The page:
Millionaire U.Posted on December 17th, 2009
What did I discover from my first national survey of millionaires in 1980? Just over one-half (53%) of these wealthy respondents graduated from college. What about 30 years later? The large majority (90%) of millionaires today are college graduates holding at least a bachelor's degree. The same proportion applies to those with multimillions including decamillionaires.
It is very clear that a college degree and wealth are complements. But note that one's grade point average is not a substantial predictor of wealth. Income is also a correlate of wealth and accordingly college graduates earn substantially more than those without a degree.
Generally, it is easier to save and invest more of your income if your income is above the norm. The median annual income generated by a male [female] worker with a bachelor's degree is $60,910 [$45,410]. For those who hold a master's degree it is $75,430 [$52,442]. These incomes figures are substantially higher than for those workers who are in the high school graduate category, i.e. $37,030 [$26,740].
What typically happens in a household where both the husband and wife are college graduates and both are employed full time? More often than not, such households have incomes in excess of $100,000. Over a 40-year working career, this couple should earn approximately $4.3 million. What if such a couple saved $12,000 a year? According to a recent article by Vanguard, (The boring way to become a millionaire) "at that rate, you would be a millionaire in 31 years providing you earned a 6% average annual investment return. And if you earned 8% annually, you'd make it in just 27 years." This is not rocket science. Yet only 3 1/2 % of American households have an investment portfolio of $1 million or more. Yet, more than 14% of the approximately 115,000,000 households in this country generate an annual realized income of $100,000 or more. The good news is that there is still time for these high income producers to hit the million dollar mark before reaching retirement age.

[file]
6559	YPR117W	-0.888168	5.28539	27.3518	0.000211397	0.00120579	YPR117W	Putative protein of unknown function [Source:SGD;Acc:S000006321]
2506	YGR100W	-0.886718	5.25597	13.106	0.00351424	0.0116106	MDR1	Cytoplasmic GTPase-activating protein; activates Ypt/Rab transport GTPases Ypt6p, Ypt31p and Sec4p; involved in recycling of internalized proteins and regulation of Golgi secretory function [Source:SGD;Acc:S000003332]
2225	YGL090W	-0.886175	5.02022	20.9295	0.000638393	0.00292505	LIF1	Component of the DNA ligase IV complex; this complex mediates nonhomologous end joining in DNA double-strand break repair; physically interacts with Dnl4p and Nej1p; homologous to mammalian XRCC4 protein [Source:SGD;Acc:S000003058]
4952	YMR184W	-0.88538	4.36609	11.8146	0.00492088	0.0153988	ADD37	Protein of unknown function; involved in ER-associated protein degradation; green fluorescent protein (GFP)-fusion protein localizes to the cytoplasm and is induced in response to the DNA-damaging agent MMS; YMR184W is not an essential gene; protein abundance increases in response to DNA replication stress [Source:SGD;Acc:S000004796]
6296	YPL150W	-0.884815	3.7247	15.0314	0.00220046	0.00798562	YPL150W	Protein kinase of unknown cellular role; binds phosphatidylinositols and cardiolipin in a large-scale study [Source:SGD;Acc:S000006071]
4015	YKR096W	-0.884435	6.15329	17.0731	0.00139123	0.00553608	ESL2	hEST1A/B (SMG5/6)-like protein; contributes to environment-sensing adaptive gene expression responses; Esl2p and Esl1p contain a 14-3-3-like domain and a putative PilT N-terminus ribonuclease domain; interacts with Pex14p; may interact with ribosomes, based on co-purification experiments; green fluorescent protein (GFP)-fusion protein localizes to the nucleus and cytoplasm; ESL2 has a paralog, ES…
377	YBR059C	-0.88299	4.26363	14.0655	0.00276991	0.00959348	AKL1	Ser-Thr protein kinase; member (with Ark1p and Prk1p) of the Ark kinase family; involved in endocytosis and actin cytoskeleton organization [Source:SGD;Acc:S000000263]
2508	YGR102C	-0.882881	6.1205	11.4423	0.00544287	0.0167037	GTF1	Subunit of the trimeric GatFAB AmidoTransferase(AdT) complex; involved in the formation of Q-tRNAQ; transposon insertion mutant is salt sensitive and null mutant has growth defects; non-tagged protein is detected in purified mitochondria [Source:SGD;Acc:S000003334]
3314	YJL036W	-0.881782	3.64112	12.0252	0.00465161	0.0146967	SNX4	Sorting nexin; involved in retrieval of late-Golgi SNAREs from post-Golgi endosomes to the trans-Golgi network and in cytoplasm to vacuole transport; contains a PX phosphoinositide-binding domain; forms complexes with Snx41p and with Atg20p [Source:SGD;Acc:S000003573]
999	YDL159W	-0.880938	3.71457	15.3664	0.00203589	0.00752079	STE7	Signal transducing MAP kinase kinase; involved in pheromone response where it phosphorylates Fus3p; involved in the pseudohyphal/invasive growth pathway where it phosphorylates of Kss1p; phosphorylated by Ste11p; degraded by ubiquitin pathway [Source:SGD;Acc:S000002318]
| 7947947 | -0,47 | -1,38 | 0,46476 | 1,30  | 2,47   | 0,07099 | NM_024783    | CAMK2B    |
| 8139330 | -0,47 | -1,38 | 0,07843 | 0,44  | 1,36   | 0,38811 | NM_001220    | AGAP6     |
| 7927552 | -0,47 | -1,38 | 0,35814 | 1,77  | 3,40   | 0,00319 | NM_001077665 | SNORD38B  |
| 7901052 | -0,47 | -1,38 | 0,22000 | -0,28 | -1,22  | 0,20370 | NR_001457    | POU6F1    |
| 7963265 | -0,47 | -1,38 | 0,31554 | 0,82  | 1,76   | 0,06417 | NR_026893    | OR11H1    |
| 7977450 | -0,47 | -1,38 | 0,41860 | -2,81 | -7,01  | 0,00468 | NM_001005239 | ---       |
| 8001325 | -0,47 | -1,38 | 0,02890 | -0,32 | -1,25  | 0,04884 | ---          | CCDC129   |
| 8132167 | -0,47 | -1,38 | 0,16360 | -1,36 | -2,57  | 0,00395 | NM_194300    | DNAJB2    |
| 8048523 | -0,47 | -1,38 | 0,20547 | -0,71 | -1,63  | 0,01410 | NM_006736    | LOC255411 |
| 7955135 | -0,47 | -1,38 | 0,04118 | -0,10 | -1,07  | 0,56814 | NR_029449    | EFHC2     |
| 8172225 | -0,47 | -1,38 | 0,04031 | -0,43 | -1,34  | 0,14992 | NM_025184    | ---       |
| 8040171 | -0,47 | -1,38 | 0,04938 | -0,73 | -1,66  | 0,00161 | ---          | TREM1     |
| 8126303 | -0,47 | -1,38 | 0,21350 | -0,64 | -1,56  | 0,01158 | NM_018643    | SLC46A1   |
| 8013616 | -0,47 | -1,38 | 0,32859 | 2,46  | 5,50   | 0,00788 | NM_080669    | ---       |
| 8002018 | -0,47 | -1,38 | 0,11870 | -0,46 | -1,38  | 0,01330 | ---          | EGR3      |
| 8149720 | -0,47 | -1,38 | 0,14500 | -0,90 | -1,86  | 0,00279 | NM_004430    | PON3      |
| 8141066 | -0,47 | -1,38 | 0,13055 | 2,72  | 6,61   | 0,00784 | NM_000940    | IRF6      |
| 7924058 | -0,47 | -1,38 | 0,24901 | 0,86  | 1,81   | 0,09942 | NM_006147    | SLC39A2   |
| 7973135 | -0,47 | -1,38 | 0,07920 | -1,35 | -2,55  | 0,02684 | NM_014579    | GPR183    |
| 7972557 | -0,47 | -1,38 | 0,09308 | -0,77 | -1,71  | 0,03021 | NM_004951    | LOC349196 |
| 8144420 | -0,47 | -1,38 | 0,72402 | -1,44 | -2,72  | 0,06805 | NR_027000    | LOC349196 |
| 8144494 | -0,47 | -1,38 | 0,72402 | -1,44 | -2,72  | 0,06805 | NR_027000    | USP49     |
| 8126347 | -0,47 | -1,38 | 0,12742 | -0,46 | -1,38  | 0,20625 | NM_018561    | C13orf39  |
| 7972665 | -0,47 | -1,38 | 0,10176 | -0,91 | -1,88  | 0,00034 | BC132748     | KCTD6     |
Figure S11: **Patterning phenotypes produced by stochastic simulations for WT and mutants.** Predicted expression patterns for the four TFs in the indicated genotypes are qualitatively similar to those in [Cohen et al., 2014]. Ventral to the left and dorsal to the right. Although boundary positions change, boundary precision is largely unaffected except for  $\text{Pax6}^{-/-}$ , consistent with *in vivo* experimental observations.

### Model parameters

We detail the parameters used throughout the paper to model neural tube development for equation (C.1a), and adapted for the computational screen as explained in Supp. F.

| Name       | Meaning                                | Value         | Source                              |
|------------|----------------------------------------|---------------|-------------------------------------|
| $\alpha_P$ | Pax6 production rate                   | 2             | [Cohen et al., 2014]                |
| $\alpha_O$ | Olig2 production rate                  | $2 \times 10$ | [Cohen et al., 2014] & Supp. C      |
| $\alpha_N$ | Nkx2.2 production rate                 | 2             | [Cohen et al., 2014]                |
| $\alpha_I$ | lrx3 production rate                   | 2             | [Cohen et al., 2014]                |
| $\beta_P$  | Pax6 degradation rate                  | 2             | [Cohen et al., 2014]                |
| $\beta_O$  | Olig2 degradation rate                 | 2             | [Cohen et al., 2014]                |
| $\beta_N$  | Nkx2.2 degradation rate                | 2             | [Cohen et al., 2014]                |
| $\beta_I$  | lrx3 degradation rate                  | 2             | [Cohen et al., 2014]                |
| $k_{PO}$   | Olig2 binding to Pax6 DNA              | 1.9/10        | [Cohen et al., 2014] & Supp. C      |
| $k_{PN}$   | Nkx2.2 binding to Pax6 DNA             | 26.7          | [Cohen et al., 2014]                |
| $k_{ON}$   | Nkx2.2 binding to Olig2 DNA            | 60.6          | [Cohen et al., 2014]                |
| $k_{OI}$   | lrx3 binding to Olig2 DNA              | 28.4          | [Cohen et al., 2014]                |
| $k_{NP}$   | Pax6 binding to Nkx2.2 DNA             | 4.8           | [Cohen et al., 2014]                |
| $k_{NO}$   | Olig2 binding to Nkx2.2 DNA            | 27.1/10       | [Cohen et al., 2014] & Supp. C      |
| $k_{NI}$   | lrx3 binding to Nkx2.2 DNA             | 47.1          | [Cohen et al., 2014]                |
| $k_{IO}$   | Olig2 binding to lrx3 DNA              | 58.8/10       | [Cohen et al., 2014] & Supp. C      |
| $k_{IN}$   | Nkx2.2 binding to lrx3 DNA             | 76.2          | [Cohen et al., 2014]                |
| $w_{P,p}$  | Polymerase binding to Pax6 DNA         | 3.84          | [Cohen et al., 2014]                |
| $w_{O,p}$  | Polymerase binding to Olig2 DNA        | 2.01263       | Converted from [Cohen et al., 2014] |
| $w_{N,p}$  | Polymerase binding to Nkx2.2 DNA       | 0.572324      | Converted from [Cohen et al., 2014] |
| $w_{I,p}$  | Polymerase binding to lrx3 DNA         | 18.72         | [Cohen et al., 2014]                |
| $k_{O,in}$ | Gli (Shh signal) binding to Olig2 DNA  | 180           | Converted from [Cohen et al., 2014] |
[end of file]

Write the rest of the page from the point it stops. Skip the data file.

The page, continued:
In more than 80% of the households in the $100,000 or more income category at least one income earner is a college graduate. Obviously many of these people are not fully utilizing the same high intellect and discipline required to graduate from college in their effort to build wealth. Most people learn how to multiply $100,000 by 40 years when they are in elementary school. And computing the compound growth of investments is a topic covered in middle school. Learning is much more valuable when applied to enhancing one's well being.
And certainly a college degree is more than just an issue of economics. It is about pride of achievement, developing discipline and time management, enhancing one's socialization processes, and finding a vocation that gives great satisfaction even beyond money.
I have often found in interviewing millionaires that even a major league net worth cannot replace the satisfaction and esteem of having a college degree. Along these lines consider the comments from a self-made, 50 year old woman with a net worth in excess of $15 million:
I am a college dropout-in spite of this I have been fortunate enough to do well in business-however, my greatest regret in life is that I did not complete my study to [receive] a degree-it will always be an ache in my bones-I have continued to study and learn but my advice to everyone is stay in for the long haul-you are-not as smart as you think!! Attain the highest degree possible then make your fortune-no one has any sense until they are 35 years old anyway-might as well spend those formative years learning-listening instead of talking!!